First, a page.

Removing Bloat With Java EE In Brazil

Heliton, could you please introduce yourself?

Hi Adam, my name is Heliton Filho, I'm an Enterprise Architect with technological expertise in Java EE. I currently hold TOGAF 9, OCMJEA 5 and 6, and SCJP 1.4 certifications, and have been working in the IT field for 22 years and as a Software Architect for the last 12 years. In these years I've led and helped teams design and develop many major systems for some of the largest government agencies, telecom companies, military, banks, and oil companies in the country.

How popular is Java EE in Brazil?

It's very popular, specially among medium to large enterprises who worry about and take seriously issues like maintainability, availability of important decision-making information, reuse of components and services, ease and speed of development, nice looking UI components ready for use, and security. Having worked for many years in the aforementioned companies, I could see first hand how the vast majority of their systems were all backed by Java EE, and how many migration projects are sprouting to convert legacy systems to the Java EE Platform.

You were able to remove a lots of code with Java EE. Please tell us the story.

I've always had a big focus on modularity and maintainability, even back (and specially then) in my C days, so it's always been a big priority for me to write as many systems and modules as I can with as little code as possible, always striving to make it readable and reusable. By applying common sense, experience and design patterns, specially the ones in your green book and in the Clean Code book, we managed to cut, just in my last project, over 50% of the LOC in v1.0 (I got in the project after it had released its first version), most of the fat being in the Model part of the system.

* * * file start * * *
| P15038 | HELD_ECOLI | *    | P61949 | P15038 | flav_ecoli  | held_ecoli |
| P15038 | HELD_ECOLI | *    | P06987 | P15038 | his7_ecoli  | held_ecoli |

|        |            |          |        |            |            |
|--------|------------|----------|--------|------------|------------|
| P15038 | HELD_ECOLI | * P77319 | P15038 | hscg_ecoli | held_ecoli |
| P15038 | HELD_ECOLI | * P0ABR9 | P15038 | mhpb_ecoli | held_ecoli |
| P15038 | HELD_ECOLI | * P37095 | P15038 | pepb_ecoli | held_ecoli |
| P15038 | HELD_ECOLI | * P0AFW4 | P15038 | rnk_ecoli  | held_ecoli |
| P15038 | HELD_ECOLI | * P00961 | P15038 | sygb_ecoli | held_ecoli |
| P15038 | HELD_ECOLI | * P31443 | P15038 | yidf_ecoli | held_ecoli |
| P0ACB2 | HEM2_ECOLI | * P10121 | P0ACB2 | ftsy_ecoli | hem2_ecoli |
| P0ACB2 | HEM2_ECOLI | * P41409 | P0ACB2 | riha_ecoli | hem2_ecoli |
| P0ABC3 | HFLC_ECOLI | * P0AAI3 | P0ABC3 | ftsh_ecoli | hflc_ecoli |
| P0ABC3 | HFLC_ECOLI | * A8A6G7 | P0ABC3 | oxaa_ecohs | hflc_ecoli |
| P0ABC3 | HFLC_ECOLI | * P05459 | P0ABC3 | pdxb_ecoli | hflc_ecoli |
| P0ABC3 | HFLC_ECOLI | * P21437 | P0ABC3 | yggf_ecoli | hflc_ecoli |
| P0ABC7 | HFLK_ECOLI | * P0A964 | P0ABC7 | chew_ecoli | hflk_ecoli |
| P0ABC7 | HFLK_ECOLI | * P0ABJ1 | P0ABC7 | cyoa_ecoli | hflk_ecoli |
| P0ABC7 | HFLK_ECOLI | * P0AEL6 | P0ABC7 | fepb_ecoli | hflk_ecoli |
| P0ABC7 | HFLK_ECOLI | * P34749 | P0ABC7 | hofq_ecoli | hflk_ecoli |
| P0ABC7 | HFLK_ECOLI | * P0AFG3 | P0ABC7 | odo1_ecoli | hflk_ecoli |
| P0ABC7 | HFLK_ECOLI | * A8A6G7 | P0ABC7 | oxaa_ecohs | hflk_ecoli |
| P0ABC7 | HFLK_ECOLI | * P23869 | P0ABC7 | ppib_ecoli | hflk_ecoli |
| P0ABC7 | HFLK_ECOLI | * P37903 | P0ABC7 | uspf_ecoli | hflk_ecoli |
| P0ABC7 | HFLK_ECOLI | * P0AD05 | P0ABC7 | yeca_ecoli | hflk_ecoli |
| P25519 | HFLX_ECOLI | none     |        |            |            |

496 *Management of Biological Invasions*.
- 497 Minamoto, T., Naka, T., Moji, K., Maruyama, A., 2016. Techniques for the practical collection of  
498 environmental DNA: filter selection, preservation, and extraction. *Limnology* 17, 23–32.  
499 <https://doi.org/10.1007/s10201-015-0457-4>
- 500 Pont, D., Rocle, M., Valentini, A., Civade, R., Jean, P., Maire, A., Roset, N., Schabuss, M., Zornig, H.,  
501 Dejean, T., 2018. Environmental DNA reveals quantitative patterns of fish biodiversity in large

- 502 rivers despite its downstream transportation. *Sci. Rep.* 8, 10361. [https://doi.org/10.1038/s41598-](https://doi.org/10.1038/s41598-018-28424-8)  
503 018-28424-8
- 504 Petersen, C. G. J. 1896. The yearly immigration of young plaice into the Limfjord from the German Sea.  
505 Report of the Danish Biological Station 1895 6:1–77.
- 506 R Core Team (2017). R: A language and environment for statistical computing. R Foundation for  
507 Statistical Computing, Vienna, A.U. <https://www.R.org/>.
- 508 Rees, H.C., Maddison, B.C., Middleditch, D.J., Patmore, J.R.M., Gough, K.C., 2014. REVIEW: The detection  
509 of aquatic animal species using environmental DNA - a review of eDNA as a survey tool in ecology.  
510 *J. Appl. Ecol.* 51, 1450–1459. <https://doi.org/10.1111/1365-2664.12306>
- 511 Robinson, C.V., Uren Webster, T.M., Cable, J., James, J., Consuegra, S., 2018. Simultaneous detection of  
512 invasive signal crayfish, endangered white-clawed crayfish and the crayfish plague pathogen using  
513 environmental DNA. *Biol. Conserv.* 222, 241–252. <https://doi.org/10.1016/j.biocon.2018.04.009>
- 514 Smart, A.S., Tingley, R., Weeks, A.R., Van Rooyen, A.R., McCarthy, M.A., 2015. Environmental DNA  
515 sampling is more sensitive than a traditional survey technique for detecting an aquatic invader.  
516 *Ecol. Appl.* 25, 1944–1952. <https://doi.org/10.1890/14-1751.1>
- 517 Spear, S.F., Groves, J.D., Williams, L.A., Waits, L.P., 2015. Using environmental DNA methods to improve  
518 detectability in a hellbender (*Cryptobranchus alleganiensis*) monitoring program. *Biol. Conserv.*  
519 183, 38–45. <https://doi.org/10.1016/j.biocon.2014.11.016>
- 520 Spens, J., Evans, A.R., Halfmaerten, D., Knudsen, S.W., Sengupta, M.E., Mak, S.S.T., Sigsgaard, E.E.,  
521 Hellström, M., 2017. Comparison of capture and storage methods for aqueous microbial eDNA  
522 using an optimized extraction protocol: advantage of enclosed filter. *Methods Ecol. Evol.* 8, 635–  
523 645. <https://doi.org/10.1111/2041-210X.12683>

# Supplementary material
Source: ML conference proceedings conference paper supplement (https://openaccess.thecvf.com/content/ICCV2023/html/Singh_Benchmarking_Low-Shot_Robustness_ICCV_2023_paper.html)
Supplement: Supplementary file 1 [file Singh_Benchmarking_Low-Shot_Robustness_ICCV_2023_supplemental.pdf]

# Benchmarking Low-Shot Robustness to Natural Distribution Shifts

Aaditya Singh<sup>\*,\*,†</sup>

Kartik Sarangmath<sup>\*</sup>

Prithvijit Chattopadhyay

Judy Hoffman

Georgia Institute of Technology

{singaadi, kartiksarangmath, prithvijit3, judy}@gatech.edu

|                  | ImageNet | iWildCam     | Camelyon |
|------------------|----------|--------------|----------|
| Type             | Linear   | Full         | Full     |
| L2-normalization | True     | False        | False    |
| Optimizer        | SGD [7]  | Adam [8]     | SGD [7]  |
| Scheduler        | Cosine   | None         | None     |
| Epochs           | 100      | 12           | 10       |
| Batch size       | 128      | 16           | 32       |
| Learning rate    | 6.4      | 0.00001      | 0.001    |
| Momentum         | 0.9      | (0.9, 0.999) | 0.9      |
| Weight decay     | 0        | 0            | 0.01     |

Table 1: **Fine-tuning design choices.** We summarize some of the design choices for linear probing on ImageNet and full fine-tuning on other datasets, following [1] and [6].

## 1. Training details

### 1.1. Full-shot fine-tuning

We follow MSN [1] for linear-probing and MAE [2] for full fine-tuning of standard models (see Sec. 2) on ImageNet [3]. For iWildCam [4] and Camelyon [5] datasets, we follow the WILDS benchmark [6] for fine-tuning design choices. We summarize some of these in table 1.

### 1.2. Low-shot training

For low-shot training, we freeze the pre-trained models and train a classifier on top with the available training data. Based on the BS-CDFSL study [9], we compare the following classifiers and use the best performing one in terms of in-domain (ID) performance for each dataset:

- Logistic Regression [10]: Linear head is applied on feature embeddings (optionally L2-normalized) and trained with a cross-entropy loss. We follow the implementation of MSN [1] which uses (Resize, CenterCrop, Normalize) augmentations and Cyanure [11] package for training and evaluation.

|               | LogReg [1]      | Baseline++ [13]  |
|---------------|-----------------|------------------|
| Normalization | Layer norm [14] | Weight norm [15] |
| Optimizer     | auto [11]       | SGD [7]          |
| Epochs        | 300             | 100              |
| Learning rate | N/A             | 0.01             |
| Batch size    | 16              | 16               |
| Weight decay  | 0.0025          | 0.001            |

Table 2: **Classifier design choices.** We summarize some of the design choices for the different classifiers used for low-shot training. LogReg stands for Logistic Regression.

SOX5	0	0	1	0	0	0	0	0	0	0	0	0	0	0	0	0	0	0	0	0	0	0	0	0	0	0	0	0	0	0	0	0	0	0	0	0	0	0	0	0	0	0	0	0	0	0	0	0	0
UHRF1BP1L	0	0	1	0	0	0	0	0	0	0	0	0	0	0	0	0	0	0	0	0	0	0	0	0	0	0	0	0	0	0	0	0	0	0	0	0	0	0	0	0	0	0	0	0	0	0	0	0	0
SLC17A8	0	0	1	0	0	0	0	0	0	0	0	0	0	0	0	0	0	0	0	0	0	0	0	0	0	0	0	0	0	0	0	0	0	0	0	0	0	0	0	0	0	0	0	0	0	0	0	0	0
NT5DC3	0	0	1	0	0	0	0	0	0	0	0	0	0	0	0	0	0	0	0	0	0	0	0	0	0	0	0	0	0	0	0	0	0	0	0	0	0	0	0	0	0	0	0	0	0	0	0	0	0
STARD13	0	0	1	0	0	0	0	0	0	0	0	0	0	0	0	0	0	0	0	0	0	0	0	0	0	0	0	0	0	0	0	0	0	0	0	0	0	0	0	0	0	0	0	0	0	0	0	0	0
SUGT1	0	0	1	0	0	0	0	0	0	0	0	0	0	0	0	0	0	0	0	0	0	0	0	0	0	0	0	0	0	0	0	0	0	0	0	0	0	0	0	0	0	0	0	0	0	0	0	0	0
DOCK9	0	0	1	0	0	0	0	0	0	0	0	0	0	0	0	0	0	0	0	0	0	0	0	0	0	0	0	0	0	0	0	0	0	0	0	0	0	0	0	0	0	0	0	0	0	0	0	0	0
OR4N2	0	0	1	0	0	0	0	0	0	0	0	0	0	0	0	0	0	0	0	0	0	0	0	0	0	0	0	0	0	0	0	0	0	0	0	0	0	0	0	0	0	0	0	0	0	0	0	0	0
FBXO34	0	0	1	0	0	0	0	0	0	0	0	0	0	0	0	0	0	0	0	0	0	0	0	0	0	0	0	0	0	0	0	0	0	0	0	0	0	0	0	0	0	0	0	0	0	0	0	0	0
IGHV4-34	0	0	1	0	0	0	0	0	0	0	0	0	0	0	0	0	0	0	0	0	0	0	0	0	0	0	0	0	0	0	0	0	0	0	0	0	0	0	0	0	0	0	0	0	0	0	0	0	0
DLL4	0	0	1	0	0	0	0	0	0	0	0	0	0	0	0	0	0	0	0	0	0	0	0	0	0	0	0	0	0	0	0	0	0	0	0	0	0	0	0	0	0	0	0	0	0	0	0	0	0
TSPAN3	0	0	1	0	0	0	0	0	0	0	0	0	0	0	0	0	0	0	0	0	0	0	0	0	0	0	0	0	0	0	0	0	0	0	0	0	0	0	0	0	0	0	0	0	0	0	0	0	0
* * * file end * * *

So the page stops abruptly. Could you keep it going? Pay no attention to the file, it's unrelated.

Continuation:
By not using DAOs and having Fat Entities, the code was more lean, concise, understandible, and the objects had more accountability. We were able to use inheritance and interceptors to give entities the CRUD usability they required, and by removing facades and just using BCE in the leanest manner possible, the readability and maintainability were improved in a way that the client's technical team were so impressed by the hard fact statistics in the Sonar dashboard they started to refactor their projects to use these design patterns and gain the leanness and consistency they had seen in ours.

What are the ingredients of an efficient Java EE architecture?

Start small and grow the architecture organically. Always keep in mind the two basic principles, KISS and YAGNI, and focus on the business needs, and not on what you think looks good on a UML diagram or what will impress the client in a presentation but will be a burden for everyone else later along the line (in here I include developers who will use the architecture, operations people who will have to care for the deployments and general infrastructure you designed, and the end user/client who will actually make use of the system).